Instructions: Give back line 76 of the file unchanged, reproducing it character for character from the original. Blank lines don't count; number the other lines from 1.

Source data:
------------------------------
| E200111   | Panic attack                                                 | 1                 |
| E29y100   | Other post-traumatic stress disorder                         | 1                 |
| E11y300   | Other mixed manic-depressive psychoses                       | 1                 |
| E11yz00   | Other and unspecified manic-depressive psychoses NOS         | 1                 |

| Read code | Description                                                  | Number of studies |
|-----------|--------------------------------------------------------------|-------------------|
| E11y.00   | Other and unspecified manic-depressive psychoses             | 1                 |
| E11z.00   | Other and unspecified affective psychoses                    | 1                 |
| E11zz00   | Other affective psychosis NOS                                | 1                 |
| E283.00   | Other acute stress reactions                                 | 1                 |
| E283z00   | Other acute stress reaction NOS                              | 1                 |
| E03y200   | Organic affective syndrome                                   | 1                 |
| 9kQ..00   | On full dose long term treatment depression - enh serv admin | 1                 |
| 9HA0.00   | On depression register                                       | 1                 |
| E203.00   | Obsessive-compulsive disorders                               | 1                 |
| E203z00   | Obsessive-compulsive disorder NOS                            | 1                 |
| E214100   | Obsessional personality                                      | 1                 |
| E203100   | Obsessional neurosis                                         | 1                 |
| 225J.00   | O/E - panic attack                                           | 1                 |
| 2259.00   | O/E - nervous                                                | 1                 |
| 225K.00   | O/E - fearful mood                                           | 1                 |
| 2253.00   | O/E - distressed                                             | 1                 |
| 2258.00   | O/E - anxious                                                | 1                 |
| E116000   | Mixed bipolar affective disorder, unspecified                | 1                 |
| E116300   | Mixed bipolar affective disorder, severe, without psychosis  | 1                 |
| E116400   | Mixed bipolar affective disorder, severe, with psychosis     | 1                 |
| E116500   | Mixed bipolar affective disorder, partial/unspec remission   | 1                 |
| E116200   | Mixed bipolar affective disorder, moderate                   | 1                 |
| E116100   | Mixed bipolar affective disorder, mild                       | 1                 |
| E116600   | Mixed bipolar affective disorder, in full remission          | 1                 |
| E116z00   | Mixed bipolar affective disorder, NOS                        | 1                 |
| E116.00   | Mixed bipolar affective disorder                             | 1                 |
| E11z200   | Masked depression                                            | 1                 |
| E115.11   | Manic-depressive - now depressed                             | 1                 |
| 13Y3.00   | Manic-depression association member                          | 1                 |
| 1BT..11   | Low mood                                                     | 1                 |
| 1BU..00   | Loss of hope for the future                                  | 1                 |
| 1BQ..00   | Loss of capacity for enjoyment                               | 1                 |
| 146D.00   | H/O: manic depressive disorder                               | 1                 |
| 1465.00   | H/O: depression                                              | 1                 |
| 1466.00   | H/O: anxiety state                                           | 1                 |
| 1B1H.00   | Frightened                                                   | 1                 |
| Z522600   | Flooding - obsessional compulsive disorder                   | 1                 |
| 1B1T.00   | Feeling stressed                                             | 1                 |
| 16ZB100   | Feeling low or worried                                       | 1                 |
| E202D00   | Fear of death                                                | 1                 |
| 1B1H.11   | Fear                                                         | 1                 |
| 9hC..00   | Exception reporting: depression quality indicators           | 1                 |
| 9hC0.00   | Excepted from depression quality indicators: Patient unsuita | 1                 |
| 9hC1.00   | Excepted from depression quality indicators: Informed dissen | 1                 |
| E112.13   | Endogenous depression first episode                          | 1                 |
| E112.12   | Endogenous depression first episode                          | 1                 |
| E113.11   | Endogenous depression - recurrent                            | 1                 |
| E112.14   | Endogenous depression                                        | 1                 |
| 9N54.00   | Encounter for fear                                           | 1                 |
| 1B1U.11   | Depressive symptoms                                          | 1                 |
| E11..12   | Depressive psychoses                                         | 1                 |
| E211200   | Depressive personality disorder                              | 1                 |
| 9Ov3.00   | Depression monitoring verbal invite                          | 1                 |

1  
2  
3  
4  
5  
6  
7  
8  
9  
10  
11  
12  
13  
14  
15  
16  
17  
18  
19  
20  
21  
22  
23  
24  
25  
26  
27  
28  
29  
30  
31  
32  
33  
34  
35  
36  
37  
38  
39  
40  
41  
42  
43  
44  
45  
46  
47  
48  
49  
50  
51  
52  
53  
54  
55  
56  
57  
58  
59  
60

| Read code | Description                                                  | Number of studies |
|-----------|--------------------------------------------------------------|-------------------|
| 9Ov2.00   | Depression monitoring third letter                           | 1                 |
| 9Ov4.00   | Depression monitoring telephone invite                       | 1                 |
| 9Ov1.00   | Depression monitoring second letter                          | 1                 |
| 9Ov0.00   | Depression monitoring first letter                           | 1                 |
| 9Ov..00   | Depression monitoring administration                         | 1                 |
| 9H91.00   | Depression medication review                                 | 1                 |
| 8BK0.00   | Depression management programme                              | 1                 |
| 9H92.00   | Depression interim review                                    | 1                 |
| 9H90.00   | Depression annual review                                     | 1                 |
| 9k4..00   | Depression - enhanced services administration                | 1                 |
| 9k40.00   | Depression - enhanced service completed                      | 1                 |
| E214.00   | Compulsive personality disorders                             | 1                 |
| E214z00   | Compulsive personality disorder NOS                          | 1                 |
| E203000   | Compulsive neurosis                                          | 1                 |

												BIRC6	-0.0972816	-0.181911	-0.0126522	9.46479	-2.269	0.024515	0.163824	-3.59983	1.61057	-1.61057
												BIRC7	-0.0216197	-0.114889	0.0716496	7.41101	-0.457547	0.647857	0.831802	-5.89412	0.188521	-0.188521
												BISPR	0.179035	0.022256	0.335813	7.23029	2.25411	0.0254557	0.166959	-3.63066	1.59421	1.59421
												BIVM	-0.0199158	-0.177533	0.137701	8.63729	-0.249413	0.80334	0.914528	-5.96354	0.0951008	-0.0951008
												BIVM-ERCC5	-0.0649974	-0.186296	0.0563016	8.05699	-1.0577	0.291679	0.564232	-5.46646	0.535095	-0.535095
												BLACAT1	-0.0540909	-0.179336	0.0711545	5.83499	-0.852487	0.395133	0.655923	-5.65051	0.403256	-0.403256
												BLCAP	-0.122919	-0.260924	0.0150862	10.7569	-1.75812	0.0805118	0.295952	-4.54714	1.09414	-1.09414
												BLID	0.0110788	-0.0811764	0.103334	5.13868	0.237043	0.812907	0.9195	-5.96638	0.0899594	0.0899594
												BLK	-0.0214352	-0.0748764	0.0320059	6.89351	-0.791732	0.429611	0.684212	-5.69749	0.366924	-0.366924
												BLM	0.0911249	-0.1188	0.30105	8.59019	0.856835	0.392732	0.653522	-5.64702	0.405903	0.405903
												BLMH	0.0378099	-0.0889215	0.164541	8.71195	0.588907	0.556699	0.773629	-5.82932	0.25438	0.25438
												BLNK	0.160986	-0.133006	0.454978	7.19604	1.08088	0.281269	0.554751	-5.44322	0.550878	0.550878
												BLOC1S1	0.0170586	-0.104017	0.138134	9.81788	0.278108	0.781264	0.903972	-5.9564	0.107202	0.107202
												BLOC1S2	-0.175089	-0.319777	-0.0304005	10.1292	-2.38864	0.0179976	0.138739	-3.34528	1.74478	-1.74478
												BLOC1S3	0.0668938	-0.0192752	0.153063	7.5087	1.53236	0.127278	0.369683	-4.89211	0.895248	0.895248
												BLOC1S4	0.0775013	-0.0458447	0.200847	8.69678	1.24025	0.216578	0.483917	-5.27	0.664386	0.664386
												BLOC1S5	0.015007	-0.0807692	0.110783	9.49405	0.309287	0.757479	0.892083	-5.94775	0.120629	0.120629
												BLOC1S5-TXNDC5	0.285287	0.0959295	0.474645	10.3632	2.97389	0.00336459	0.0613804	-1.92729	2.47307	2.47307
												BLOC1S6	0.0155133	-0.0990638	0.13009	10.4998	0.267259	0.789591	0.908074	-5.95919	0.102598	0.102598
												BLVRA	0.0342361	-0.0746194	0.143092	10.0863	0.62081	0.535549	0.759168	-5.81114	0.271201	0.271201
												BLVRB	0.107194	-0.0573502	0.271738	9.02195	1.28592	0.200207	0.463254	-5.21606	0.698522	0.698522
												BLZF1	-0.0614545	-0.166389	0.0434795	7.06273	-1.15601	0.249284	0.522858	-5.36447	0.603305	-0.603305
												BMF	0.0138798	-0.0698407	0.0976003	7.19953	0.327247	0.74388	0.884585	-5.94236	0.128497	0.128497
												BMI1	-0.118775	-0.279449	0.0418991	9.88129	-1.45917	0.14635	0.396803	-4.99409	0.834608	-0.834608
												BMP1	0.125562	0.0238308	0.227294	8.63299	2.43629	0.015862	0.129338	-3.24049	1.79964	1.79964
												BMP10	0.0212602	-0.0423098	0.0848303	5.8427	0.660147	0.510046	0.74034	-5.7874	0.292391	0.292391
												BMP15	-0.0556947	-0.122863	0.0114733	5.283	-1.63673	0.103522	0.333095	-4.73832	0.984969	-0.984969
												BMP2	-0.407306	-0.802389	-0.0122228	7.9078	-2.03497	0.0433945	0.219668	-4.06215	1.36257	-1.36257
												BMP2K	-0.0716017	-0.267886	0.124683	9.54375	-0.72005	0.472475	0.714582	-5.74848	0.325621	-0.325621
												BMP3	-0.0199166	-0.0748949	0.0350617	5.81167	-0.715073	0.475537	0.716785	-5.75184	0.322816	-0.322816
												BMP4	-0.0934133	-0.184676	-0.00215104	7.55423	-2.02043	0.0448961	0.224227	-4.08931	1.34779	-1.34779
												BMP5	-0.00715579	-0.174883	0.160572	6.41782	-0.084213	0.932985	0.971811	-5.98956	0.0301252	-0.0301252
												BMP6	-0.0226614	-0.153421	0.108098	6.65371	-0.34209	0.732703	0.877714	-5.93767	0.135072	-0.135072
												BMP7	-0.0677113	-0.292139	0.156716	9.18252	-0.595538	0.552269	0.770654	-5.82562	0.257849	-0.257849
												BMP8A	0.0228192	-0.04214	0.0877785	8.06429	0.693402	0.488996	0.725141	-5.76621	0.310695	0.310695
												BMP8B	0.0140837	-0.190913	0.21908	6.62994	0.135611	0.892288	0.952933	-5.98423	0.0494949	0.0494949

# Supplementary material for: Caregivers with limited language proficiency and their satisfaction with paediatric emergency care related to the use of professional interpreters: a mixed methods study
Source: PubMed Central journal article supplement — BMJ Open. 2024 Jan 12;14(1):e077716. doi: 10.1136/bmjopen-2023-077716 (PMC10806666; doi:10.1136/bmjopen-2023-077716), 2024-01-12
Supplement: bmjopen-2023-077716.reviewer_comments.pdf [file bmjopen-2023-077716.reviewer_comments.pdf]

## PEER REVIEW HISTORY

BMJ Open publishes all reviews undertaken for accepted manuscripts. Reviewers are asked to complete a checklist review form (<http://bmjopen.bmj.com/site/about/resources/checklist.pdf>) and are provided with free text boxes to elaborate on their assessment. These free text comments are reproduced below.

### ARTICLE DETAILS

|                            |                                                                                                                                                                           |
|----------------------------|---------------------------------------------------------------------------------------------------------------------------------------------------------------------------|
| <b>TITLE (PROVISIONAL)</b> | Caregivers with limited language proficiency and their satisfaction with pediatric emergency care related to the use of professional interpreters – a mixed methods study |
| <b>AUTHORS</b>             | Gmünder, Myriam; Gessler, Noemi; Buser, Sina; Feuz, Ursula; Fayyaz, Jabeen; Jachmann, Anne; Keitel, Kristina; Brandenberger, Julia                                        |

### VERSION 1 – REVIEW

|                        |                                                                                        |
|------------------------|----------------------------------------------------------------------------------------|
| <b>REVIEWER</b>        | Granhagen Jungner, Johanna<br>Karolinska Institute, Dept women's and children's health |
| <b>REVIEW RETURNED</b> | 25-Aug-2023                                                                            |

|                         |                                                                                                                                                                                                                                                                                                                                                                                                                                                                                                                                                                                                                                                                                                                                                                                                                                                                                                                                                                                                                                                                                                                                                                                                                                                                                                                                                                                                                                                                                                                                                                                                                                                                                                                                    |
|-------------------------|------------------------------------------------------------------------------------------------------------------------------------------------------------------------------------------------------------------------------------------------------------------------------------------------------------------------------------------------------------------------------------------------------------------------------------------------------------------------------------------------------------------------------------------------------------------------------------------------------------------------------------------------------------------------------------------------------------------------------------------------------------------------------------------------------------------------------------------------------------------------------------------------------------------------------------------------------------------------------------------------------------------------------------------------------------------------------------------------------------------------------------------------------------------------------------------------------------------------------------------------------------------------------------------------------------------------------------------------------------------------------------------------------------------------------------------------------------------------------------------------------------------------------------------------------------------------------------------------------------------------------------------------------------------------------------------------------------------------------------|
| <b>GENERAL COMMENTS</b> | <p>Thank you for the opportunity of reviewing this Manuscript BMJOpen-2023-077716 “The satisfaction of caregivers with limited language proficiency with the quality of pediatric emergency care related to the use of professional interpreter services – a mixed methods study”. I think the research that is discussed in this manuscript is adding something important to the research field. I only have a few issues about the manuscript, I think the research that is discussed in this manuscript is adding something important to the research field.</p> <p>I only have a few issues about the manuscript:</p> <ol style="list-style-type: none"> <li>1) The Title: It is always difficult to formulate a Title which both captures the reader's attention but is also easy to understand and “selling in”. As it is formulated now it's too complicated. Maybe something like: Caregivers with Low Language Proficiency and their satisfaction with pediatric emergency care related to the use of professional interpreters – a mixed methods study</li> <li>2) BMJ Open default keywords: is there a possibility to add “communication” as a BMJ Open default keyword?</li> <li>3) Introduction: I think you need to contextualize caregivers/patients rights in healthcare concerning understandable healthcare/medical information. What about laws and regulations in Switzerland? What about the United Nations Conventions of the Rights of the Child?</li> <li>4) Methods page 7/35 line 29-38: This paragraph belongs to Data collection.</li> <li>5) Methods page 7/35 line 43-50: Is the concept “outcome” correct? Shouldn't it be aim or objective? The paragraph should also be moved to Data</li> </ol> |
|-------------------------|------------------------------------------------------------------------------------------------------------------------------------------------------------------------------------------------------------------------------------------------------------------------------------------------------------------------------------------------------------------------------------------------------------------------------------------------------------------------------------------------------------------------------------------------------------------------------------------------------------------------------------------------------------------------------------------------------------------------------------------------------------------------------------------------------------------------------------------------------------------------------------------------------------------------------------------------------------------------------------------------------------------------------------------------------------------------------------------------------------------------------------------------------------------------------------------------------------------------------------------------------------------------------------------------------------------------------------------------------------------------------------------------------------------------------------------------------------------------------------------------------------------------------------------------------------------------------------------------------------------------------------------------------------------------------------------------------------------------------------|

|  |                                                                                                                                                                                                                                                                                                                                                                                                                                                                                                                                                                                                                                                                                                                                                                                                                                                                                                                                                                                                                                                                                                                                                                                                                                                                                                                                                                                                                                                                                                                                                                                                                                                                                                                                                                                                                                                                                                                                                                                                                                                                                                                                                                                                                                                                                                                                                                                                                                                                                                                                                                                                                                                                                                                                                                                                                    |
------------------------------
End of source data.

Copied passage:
17  